The Archean is the period in the earth's history from about 3.8 to 2.5 billion years ago (Ga). The term was derived from the Latin word for first because the beginning of the Archean is defined as the age of the oldest rocks identified on Earth. As the study of these rocks continues and older rocks are discovered, some scientists now expand the Archean back to 4 billion years to include recently dated rocks. The Archean is part of the Precambrian Era, the entire time span between the formation of the earth 4.56 billion years ago and the beginning of the Cambrian Era, 544 million years ago. The Archean is preceded by the Hadean Eon, a little used term for the period from which no rocks are preserved (4.56–3.8 Ga), and is followed by the Proterozoic (2.5–0.54 Ga).
Archean aged rocks are found mostly in the interior of continents. They provide evidence that Earth during the Archean was a very active geologic environment. Most of the rocks from the early Archean are highly regional metamorphic rocks. These granitic-gneiss versions of either sedimentary or igneous parent rocks suggest a high degree of lithospheric recycling. Later in the Archean, vast lava flows were erupted from undersea rift zones as pillow basalts. Subsequent metamorphism altered the basalts into greenstones. Some sedimentary rocks are preserved from the Archean and are largely coarse and poorly sorted sandstones and conglomerates. These observations suggest that the Archean Earth was very active tectonically with volcanic activity and movement along plate boundaries occurring at a much higher rate than today. The Archean mantle was much hotter than the modern Earth's interior, resulting in heavy mantle convection and crustal turbulence.
The active tectonics of the Archean produced numerous, relatively small continental landmasses that were very mobile as they floated on the turbulent mantle. Toward the end of the Archean, however, these minicontinents had begun to coalesce. By about 2.5 billion years ago when the Archean eon came to an end a more tectonically stable supercontinent had formed from the accreted landmasses. About 70% of modern continents are Archean in age and were derived from this single large landmass. This supercontinent had a much thicker crust than the earlier, smaller crusts and heat flow from the mantle had begun to subside. As a result volcanic and tectonic activity within and along the margins of the supercontinent, were reduced significantly by the start of the Proterozoic.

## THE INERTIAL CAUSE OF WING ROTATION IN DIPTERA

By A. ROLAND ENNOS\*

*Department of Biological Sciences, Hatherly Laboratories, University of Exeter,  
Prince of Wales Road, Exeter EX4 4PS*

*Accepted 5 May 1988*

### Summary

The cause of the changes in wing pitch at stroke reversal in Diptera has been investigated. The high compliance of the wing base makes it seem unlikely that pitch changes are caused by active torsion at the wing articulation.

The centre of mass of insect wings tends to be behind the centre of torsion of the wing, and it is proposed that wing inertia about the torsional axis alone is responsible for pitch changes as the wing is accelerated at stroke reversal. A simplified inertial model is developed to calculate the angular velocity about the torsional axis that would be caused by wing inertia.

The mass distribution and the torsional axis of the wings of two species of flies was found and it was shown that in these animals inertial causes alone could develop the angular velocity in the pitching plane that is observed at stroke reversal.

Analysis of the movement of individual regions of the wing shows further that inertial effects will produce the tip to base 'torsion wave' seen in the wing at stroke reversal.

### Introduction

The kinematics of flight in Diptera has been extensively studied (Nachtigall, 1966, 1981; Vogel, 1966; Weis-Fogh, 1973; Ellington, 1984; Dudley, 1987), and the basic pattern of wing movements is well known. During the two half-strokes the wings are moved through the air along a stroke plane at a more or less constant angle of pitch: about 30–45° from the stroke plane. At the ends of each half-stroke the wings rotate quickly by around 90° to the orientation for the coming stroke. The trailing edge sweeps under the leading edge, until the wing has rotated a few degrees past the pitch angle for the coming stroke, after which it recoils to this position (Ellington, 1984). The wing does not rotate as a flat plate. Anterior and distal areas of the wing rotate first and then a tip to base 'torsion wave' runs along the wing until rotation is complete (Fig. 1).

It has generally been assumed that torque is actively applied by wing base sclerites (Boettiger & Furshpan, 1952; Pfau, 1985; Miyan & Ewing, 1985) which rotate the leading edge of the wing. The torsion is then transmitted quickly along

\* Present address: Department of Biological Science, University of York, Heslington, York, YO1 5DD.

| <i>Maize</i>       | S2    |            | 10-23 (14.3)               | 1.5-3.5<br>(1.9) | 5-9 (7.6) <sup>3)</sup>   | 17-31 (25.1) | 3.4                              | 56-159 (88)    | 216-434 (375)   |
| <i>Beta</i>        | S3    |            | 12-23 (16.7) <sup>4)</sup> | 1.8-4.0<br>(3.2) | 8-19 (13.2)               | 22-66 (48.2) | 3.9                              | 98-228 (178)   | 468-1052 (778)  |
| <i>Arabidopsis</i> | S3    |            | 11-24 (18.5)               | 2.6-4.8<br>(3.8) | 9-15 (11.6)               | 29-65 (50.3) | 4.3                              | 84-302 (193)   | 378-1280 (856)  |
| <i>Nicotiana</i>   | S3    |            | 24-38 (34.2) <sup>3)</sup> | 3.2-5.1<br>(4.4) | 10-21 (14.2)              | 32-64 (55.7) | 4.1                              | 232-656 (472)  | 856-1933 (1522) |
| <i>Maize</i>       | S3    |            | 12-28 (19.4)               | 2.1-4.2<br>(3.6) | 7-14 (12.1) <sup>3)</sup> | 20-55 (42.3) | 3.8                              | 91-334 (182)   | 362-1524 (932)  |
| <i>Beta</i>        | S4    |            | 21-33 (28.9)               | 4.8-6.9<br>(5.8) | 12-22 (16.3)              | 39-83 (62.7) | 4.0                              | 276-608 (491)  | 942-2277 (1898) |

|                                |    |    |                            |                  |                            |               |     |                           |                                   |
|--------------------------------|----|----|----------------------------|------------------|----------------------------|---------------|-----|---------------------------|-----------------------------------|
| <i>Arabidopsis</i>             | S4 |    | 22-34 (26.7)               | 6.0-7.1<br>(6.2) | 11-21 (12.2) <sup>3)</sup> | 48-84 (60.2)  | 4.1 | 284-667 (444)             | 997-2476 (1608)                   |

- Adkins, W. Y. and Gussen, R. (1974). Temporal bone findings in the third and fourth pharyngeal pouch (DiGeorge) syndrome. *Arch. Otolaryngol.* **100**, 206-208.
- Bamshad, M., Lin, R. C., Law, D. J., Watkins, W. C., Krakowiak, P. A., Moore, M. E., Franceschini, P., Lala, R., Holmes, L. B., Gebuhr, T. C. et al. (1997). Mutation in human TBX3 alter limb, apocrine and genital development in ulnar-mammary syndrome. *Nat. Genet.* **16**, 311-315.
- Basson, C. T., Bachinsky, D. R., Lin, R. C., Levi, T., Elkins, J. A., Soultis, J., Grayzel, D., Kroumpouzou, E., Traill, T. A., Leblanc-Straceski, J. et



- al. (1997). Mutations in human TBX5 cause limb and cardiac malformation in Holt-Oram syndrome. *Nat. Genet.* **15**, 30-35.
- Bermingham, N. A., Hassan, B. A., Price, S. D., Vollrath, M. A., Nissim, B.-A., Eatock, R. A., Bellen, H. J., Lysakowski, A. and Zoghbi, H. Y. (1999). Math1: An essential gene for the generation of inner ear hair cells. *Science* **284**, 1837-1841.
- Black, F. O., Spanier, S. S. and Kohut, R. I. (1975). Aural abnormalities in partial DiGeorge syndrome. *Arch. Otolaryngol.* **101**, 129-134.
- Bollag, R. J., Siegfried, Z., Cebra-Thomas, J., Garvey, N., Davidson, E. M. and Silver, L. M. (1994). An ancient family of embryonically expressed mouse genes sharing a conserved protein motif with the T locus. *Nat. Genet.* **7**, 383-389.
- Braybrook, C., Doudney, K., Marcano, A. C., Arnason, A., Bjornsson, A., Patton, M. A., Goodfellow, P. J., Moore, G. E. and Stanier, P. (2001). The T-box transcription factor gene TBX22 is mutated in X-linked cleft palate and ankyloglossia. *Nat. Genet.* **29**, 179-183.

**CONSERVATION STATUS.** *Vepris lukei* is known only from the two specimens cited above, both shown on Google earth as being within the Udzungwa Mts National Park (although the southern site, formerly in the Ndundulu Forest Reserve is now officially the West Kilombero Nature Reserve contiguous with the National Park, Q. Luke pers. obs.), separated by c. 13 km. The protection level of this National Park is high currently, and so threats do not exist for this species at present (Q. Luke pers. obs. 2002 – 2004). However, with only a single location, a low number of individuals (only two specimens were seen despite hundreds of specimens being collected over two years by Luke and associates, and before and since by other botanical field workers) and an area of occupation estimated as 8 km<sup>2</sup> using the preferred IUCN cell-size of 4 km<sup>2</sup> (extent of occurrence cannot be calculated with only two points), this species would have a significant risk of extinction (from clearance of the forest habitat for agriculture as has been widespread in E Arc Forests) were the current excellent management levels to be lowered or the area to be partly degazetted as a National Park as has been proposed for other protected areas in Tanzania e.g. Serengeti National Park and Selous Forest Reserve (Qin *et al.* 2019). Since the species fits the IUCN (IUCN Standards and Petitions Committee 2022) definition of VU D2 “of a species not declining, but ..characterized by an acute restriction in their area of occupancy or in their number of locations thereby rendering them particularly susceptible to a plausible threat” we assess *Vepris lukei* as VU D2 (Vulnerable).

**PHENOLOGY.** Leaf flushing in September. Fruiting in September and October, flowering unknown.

The first fossilized signs of life appeared in the Archean. Although life probably developed 3.8–3.6 billion years ago as non-photosynthetic bacteria, the oldest evidence of life on Earth are 3.5 Ga old stromatolite fossils from Australia . Stromatolites are finely layered, mound-shaped accumulations of mud trapped by growing mats of blue-green algae. Other early Archean fossils include 3.5 Ga microscopic filamentous structures resembling modern blue-green algae from Australia and cells apparently in various stages of division from South Africa in rocks that are 3.0 Ga old. The Archean atmosphere in which the primordial organisms developed was likely a reducing atmosphere of methane and ammonia. As the Archean progressed and photosynthetic organisms spread, the atmosphere became more oxygen rich.
See also Craton; Greenstone belt